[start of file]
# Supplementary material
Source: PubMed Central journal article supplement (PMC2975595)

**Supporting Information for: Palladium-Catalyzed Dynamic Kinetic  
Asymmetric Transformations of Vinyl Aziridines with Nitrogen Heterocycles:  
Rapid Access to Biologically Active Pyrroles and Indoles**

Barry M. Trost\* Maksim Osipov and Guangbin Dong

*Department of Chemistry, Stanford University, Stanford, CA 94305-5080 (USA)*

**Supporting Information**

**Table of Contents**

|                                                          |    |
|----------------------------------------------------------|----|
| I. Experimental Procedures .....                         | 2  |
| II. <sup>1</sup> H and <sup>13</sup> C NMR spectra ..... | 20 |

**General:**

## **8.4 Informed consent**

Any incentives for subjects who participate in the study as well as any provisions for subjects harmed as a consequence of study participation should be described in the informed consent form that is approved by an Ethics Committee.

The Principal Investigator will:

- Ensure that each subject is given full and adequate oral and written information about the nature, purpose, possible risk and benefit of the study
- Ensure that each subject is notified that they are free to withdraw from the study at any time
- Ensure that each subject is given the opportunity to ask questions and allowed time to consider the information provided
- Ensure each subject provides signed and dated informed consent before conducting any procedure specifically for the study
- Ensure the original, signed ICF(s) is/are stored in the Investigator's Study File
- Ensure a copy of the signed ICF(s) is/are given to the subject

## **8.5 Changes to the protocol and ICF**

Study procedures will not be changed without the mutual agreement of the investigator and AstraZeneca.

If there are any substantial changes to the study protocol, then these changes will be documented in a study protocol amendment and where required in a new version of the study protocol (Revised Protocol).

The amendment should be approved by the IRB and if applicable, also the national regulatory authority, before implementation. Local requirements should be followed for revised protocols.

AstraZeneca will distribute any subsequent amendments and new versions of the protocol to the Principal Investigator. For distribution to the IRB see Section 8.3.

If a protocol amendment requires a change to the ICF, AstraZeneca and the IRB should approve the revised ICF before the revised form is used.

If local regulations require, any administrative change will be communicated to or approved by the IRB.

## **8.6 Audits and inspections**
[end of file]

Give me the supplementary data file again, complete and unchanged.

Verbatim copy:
# Supplementary material
Source: PubMed Central journal article supplement (PMC2975595)

**Supporting Information for: Palladium-Catalyzed Dynamic Kinetic  
Asymmetric Transformations of Vinyl Aziridines with Nitrogen Heterocycles:  
Rapid Access to Biologically Active Pyrroles and Indoles**

Barry M. Trost\* Maksim Osipov and Guangbin Dong

*Department of Chemistry, Stanford University, Stanford, CA 94305-5080 (USA)*

**Supporting Information**

**Table of Contents**

|                                                          |    |
|----------------------------------------------------------|----|
| I. Experimental Procedures .....                         | 2  |
| II. <sup>1</sup> H and <sup>13</sup> C NMR spectra ..... | 20 |

**General:**

## **8.4 Informed consent**

Any incentives for subjects who participate in the study as well as any provisions for subjects harmed as a consequence of study participation should be described in the informed consent form that is approved by an Ethics Committee.

The Principal Investigator will:

- Ensure that each subject is given full and adequate oral and written information about the nature, purpose, possible risk and benefit of the study
- Ensure that each subject is notified that they are free to withdraw from the study at any time
- Ensure that each subject is given the opportunity to ask questions and allowed time to consider the information provided
- Ensure each subject provides signed and dated informed consent before conducting any procedure specifically for the study
- Ensure the original, signed ICF(s) is/are stored in the Investigator's Study File
- Ensure a copy of the signed ICF(s) is/are given to the subject

## **8.5 Changes to the protocol and ICF**

Study procedures will not be changed without the mutual agreement of the investigator and AstraZeneca.

If there are any substantial changes to the study protocol, then these changes will be documented in a study protocol amendment and where required in a new version of the study protocol (Revised Protocol).

The amendment should be approved by the IRB and if applicable, also the national regulatory authority, before implementation. Local requirements should be followed for revised protocols.

AstraZeneca will distribute any subsequent amendments and new versions of the protocol to the Principal Investigator. For distribution to the IRB see Section 8.3.

If a protocol amendment requires a change to the ICF, AstraZeneca and the IRB should approve the revised ICF before the revised form is used.

If local regulations require, any administrative change will be communicated to or approved by the IRB.

## **8.6 Audits and inspections**